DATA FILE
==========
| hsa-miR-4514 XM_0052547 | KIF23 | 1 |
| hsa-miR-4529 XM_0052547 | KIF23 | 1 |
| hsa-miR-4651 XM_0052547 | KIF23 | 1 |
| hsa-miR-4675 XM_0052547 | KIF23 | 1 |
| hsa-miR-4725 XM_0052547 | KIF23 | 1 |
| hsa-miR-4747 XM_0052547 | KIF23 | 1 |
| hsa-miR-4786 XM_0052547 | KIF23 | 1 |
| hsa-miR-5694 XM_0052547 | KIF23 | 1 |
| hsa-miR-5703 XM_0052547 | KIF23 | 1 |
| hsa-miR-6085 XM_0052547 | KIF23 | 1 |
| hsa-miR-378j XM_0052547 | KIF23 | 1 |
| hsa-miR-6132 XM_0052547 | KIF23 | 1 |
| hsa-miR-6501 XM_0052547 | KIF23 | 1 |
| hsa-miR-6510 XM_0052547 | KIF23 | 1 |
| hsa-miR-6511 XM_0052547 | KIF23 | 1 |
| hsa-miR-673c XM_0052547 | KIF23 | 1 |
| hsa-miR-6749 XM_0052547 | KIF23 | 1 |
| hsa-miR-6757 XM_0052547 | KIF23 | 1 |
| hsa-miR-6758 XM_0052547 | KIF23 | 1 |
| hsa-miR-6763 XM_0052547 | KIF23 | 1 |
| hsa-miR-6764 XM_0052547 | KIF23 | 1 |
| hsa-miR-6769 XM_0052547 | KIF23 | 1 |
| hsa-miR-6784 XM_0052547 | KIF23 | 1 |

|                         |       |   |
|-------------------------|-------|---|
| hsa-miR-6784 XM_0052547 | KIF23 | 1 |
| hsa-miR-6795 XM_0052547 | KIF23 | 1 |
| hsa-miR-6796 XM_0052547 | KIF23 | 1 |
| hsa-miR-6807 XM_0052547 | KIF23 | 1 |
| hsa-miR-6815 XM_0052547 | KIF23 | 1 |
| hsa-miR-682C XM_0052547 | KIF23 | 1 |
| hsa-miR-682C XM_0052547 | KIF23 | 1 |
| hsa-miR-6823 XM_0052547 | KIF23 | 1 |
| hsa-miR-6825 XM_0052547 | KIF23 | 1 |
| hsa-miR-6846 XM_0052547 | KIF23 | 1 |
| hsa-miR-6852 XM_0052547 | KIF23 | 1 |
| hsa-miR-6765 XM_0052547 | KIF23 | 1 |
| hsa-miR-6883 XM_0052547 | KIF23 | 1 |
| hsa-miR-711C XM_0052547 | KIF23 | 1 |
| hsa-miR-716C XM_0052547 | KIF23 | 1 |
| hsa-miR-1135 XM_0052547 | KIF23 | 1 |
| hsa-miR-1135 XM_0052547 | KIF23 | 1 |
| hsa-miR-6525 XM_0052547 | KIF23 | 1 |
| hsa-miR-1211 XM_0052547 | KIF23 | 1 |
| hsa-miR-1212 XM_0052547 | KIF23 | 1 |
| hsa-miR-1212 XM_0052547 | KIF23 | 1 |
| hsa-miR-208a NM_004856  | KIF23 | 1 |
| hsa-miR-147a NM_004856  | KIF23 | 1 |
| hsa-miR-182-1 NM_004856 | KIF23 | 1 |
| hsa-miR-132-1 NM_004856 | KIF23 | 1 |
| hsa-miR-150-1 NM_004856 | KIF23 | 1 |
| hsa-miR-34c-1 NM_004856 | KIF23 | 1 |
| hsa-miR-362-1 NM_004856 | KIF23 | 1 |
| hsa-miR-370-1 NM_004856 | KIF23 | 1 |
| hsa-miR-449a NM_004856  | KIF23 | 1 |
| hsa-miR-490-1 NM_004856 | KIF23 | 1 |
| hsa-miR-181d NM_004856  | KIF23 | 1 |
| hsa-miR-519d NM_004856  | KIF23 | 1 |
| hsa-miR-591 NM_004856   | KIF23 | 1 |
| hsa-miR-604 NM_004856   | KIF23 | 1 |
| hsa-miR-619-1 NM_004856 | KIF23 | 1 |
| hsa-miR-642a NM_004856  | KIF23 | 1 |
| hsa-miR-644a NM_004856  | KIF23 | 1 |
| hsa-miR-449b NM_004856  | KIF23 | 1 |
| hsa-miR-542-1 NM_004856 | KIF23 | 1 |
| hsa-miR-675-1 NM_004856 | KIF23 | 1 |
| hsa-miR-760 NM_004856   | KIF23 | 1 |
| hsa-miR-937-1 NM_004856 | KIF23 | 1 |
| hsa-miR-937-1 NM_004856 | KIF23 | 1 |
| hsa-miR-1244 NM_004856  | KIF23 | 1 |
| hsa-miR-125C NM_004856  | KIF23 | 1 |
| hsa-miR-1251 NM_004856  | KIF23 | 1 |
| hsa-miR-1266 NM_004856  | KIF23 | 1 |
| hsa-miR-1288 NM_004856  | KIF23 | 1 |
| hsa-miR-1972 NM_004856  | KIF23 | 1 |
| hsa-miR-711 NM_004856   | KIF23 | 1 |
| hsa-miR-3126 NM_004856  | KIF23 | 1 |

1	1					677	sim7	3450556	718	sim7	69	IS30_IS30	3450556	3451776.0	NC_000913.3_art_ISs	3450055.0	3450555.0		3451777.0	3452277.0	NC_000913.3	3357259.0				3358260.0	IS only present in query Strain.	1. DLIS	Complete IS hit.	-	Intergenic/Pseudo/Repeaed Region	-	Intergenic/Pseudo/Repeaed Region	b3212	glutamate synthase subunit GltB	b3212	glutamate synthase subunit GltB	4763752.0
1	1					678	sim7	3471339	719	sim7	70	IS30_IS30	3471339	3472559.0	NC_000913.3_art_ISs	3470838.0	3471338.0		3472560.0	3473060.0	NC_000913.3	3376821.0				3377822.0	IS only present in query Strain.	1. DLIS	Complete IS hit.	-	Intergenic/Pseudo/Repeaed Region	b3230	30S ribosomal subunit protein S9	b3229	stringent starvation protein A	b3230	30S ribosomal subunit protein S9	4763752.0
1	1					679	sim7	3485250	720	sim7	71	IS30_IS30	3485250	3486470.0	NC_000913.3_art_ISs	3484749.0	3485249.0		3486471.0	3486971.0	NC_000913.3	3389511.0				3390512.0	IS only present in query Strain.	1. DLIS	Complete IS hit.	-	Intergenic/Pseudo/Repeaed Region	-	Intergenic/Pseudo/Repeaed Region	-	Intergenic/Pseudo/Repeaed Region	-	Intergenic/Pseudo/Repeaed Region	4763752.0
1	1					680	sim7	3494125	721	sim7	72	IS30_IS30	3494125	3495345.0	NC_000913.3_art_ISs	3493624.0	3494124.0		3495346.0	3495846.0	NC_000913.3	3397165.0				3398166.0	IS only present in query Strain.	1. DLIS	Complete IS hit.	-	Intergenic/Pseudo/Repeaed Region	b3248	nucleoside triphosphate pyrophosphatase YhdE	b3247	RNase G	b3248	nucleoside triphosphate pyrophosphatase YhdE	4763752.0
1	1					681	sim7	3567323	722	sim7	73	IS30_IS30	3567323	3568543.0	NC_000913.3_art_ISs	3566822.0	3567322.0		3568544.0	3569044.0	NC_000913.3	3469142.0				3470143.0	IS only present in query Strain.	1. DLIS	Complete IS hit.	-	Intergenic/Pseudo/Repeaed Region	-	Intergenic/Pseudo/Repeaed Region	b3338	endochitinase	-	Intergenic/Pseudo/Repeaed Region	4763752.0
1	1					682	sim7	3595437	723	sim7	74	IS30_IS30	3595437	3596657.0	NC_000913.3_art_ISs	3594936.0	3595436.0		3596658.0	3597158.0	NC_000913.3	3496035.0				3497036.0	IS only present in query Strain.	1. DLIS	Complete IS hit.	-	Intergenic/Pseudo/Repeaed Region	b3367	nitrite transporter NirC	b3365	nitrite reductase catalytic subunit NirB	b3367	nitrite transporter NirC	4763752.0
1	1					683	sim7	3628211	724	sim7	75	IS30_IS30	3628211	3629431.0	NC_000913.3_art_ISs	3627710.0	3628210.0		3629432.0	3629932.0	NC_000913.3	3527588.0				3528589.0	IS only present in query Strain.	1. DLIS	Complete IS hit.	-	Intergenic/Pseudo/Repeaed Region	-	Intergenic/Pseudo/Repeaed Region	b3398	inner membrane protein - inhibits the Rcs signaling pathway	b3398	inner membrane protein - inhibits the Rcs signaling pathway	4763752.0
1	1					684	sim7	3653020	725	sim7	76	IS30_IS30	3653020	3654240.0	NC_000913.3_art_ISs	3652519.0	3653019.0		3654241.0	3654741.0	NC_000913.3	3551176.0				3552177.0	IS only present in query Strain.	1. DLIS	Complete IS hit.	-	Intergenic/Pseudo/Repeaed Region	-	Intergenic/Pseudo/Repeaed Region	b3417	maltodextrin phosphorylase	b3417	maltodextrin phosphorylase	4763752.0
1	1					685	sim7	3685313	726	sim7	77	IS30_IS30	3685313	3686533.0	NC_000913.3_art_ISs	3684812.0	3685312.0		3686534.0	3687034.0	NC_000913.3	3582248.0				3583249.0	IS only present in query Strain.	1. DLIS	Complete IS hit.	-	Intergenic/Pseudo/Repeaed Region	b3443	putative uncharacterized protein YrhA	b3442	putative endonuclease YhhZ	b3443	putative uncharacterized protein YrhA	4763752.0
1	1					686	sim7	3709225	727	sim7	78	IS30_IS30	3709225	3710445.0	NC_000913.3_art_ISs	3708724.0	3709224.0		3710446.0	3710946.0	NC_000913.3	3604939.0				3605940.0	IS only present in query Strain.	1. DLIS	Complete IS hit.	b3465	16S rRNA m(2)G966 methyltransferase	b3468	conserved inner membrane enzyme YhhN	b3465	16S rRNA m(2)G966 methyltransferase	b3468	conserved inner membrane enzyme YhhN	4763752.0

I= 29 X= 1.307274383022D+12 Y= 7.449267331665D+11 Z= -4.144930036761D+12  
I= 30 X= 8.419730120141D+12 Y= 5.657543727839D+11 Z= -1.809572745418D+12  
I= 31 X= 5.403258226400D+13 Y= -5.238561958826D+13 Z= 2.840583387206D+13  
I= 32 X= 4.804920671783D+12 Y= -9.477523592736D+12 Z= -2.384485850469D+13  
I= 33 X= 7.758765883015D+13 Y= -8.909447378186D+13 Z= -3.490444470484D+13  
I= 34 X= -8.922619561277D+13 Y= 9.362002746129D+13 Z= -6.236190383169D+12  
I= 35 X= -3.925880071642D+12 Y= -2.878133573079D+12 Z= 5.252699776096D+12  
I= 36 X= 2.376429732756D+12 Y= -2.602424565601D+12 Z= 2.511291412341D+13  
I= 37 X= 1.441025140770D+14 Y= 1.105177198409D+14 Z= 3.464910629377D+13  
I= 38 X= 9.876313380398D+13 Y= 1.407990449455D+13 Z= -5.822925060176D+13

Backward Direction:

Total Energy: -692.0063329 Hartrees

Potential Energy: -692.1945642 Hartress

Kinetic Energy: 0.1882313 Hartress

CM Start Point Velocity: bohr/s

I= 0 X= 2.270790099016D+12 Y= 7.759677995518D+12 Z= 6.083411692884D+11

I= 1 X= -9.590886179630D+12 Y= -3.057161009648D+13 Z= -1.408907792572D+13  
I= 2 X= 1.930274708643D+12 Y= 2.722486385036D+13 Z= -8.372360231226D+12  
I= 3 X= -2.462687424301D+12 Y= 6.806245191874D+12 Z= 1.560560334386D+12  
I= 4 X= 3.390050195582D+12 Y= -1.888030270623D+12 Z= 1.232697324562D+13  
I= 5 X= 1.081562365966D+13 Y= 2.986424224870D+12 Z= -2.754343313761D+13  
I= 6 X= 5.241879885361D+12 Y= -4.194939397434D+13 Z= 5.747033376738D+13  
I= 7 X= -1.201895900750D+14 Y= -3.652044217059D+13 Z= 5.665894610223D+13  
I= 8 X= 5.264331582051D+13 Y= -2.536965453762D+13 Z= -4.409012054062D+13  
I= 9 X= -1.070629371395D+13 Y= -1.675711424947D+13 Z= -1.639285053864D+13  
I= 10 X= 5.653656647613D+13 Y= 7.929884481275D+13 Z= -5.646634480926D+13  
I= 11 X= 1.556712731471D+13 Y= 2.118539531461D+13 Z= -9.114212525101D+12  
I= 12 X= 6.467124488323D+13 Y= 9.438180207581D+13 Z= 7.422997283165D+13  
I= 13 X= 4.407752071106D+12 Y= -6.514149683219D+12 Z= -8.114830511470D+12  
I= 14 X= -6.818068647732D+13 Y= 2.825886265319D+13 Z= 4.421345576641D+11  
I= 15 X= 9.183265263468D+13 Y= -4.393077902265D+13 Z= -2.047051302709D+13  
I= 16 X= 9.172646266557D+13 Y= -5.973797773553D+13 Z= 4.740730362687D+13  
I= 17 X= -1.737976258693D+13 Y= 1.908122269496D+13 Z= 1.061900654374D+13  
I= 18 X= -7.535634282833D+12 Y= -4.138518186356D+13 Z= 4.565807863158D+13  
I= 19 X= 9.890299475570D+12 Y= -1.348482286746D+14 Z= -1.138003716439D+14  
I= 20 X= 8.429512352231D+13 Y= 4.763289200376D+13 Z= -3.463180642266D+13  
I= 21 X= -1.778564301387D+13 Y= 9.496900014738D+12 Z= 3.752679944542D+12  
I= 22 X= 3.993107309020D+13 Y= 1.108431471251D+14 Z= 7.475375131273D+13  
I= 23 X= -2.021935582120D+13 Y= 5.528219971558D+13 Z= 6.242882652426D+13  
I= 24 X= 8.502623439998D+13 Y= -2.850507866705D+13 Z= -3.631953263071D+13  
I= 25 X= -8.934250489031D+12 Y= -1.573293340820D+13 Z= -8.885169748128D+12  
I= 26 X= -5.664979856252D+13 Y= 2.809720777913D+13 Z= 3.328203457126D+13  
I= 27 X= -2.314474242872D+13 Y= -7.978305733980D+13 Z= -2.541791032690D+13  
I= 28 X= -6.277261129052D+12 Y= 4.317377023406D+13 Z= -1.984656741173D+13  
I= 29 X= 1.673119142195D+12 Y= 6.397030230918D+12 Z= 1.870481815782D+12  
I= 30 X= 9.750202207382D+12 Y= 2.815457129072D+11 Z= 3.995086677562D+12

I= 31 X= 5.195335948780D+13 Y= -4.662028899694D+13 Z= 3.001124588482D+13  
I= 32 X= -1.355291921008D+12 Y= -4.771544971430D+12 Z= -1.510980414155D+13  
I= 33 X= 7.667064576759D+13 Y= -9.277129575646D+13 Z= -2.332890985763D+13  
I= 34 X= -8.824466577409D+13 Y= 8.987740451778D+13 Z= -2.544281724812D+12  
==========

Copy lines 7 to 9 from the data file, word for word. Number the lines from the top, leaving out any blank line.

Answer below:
| hsa-miR-4786 XM_0052547 | KIF23 | 1 |
| hsa-miR-5694 XM_0052547 | KIF23 | 1 |
| hsa-miR-5703 XM_0052547 | KIF23 | 1 |